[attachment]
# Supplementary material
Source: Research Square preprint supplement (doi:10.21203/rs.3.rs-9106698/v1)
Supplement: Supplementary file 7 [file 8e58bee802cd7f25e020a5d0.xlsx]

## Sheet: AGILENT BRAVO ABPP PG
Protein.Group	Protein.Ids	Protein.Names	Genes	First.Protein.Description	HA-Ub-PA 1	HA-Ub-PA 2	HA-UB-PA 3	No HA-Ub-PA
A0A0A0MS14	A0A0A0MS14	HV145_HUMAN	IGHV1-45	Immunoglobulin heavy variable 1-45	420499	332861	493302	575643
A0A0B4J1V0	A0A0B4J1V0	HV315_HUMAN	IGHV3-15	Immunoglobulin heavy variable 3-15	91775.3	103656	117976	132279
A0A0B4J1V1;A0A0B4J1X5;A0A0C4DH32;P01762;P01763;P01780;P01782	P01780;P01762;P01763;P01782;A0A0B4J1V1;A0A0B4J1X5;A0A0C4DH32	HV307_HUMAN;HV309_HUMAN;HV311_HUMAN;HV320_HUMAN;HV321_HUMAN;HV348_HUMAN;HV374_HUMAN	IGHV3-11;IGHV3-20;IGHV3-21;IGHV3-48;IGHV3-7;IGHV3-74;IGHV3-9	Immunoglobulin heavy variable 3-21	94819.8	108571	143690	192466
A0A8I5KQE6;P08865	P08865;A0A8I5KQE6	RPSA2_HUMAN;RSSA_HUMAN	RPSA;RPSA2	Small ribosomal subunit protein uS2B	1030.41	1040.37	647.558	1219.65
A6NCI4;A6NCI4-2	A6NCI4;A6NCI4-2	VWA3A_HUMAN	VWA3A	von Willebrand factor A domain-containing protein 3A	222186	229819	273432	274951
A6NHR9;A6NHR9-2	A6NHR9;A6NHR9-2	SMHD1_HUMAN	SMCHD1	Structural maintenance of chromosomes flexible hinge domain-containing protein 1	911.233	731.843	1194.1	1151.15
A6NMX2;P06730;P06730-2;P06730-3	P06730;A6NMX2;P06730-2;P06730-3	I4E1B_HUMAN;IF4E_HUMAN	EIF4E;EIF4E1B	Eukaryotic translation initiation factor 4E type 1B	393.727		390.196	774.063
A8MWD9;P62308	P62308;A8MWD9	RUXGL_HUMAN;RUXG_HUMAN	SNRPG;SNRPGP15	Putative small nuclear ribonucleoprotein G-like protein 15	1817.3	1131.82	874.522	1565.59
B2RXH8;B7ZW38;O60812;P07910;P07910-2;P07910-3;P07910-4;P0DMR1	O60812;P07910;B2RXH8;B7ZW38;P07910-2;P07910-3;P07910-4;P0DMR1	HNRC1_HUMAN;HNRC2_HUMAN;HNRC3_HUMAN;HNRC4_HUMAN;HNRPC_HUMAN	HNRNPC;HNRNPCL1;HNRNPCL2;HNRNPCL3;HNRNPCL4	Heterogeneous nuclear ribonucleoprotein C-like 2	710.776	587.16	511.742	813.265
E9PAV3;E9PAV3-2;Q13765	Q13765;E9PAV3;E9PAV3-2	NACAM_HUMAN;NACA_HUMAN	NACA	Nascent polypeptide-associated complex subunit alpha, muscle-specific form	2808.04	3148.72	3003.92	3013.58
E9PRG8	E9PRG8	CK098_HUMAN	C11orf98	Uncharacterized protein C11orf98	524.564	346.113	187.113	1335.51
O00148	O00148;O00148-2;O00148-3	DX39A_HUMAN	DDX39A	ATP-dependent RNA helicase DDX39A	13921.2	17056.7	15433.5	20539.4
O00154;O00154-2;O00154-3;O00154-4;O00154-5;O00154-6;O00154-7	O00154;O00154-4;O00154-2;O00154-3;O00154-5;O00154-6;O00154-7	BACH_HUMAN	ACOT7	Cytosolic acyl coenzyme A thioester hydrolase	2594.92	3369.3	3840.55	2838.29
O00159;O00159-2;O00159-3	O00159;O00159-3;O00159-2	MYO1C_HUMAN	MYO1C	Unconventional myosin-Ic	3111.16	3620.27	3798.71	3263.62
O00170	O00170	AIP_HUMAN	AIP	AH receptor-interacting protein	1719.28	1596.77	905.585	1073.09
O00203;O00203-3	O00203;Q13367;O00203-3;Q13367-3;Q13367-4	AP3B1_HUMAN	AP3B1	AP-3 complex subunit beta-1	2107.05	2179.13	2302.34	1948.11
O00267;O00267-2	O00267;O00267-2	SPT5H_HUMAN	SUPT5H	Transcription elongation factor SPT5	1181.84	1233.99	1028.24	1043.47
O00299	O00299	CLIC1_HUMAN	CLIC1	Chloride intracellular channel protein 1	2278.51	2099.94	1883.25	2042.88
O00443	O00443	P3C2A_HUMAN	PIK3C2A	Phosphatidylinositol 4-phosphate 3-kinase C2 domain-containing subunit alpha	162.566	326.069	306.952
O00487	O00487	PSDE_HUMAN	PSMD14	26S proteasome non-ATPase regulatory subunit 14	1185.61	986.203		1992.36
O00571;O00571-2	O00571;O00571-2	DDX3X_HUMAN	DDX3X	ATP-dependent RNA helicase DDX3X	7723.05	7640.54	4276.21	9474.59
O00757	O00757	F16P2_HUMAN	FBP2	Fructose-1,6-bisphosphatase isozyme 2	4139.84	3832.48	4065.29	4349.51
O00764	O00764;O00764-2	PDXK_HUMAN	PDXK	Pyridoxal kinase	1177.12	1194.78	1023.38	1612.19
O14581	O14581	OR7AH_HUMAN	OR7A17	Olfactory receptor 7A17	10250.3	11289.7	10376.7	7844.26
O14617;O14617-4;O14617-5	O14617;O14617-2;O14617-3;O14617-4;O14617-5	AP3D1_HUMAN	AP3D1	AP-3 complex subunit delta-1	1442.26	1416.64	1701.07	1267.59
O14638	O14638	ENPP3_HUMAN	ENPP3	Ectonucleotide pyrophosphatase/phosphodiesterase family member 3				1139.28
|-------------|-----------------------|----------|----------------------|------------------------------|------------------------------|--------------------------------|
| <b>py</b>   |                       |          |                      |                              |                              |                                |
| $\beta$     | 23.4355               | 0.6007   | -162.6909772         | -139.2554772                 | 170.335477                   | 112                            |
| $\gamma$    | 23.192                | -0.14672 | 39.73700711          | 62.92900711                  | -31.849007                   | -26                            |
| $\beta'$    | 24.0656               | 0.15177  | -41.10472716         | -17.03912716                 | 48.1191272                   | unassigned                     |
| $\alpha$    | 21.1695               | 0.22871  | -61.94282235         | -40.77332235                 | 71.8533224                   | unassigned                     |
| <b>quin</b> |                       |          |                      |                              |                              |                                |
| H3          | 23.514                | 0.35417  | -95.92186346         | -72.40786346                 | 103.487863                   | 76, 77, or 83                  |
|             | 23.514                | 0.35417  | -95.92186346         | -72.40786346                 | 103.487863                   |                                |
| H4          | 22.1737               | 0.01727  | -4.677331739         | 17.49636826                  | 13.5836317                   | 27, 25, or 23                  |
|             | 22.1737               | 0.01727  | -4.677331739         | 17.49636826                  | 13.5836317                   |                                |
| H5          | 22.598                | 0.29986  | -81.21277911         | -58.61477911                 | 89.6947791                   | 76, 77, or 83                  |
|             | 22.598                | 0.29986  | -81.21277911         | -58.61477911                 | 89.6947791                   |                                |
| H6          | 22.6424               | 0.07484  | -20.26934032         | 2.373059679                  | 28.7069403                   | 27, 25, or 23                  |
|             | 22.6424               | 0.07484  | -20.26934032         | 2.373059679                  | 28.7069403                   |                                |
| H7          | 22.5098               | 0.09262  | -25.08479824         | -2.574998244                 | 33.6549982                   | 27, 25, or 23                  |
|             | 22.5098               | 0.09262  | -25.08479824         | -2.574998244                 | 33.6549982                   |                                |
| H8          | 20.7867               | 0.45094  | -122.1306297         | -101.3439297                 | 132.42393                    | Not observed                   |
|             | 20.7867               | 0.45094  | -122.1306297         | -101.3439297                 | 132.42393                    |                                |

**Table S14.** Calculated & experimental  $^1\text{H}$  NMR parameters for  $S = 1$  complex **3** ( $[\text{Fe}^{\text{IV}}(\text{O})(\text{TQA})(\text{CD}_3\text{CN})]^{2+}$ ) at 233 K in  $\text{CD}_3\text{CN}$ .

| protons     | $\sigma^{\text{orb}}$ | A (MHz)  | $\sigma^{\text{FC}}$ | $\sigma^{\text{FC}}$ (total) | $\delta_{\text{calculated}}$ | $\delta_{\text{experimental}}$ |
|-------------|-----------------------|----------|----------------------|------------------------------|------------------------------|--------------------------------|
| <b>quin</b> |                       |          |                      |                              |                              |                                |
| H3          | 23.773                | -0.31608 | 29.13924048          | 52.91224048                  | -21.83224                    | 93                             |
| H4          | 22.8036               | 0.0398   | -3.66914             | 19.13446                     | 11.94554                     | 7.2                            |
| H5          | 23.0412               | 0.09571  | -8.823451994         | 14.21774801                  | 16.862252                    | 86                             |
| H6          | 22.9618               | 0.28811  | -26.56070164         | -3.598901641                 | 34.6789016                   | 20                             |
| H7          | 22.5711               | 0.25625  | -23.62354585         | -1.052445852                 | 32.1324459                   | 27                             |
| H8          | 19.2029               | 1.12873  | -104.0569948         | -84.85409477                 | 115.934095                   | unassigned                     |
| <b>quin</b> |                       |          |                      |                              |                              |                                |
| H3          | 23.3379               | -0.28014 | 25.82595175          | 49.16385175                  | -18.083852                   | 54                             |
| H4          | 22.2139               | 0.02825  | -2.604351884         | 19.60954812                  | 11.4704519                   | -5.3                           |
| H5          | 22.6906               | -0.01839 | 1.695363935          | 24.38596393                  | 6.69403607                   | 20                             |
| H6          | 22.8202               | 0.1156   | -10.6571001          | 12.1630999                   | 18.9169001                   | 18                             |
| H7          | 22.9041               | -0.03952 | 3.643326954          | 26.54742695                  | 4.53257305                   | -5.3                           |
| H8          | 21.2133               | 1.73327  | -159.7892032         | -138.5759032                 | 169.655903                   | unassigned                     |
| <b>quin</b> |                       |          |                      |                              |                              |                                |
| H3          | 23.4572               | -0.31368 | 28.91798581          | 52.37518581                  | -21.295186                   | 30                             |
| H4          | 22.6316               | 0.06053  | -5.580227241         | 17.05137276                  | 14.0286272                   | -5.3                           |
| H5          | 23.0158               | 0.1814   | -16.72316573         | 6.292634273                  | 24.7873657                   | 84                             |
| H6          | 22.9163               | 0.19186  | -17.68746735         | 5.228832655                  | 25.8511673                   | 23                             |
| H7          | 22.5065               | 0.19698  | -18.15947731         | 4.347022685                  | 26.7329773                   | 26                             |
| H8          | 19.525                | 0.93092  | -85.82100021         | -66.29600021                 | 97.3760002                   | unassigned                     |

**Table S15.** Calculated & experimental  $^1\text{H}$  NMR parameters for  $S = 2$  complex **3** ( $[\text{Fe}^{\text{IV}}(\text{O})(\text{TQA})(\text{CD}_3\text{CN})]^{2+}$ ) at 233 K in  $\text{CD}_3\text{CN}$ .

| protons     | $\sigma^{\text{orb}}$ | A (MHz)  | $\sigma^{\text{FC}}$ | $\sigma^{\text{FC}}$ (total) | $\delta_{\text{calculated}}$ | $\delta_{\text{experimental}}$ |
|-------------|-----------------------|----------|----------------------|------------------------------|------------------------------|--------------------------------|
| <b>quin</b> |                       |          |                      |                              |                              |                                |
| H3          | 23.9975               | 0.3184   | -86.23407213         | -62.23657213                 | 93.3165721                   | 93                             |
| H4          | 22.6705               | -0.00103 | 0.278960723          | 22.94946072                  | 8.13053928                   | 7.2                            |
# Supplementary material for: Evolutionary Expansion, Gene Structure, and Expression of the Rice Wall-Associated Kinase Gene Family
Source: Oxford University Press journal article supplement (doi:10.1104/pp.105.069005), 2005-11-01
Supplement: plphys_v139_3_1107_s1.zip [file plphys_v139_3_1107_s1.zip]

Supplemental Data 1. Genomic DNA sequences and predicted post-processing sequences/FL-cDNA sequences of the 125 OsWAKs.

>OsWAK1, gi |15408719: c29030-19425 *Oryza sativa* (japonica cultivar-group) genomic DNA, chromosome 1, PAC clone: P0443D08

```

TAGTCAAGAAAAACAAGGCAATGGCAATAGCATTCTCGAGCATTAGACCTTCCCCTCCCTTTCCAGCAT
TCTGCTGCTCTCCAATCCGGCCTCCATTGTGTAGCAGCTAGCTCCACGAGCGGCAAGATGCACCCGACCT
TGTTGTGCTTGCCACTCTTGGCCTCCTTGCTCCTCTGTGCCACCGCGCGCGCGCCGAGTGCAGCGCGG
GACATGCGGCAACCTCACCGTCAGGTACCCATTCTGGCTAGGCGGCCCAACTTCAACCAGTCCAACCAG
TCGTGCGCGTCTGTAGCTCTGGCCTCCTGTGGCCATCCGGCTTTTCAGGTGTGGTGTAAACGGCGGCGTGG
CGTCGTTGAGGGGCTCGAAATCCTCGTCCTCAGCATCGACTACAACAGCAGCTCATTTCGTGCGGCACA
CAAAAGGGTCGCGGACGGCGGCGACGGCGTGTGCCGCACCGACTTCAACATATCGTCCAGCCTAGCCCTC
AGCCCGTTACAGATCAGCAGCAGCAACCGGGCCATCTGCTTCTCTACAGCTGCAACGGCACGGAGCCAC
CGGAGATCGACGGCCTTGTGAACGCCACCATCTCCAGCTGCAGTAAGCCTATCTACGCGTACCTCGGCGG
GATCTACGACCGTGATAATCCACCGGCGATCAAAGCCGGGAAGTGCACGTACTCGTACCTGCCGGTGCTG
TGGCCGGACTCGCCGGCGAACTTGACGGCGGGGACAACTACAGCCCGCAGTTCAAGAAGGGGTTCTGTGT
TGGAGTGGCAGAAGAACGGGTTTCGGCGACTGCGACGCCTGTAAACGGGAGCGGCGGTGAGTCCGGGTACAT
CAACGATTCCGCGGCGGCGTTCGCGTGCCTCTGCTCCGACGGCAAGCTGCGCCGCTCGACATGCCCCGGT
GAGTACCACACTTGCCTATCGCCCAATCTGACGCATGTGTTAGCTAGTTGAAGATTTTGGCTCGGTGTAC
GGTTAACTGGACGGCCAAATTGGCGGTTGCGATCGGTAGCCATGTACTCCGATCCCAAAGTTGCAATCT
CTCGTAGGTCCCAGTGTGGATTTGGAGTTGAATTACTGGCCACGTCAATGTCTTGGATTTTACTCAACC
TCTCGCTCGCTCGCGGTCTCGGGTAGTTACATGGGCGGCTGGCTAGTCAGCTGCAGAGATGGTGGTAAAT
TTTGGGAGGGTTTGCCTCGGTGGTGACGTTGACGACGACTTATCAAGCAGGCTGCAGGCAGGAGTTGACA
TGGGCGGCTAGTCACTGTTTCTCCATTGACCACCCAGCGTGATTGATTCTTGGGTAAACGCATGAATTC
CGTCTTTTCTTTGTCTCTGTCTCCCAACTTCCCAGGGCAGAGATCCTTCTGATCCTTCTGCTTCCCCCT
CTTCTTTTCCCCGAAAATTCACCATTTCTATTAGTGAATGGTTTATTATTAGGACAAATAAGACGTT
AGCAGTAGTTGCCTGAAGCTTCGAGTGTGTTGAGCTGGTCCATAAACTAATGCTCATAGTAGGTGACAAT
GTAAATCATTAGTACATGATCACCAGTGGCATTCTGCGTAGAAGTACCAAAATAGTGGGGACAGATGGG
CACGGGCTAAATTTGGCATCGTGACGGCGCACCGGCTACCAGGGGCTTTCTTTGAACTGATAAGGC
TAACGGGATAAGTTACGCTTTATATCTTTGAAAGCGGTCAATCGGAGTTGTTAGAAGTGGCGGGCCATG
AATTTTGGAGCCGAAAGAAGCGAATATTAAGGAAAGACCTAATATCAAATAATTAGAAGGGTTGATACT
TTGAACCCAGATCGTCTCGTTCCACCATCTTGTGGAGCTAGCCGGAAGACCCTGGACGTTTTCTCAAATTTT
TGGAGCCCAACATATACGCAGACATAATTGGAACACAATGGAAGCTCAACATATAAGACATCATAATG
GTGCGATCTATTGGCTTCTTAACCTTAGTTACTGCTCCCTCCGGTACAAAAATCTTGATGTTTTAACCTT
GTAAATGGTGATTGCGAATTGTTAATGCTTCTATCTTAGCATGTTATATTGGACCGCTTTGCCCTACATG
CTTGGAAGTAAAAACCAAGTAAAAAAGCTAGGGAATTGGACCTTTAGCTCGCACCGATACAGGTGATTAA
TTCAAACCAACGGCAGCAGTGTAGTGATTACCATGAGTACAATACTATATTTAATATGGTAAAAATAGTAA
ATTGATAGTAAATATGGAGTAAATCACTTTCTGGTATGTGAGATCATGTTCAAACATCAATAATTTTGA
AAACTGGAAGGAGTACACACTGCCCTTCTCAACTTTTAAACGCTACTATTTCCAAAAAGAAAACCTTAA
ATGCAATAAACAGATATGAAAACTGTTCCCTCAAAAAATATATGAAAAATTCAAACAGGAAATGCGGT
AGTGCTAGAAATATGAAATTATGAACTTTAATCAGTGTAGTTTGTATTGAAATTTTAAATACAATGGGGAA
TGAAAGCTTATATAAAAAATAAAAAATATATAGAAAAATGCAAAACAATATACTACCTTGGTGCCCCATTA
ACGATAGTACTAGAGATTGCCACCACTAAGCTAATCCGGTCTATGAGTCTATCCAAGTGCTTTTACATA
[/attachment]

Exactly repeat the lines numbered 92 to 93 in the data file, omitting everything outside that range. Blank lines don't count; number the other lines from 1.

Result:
CGTCGTTGAGGGGCTCGAAATCCTCGTCCTCAGCATCGACTACAACAGCAGCTCATTTCGTGCGGCACA
CAAAAGGGTCGCGGACGGCGGCGACGGCGTGTGCCGCACCGACTTCAACATATCGTCCAGCCTAGCCCTC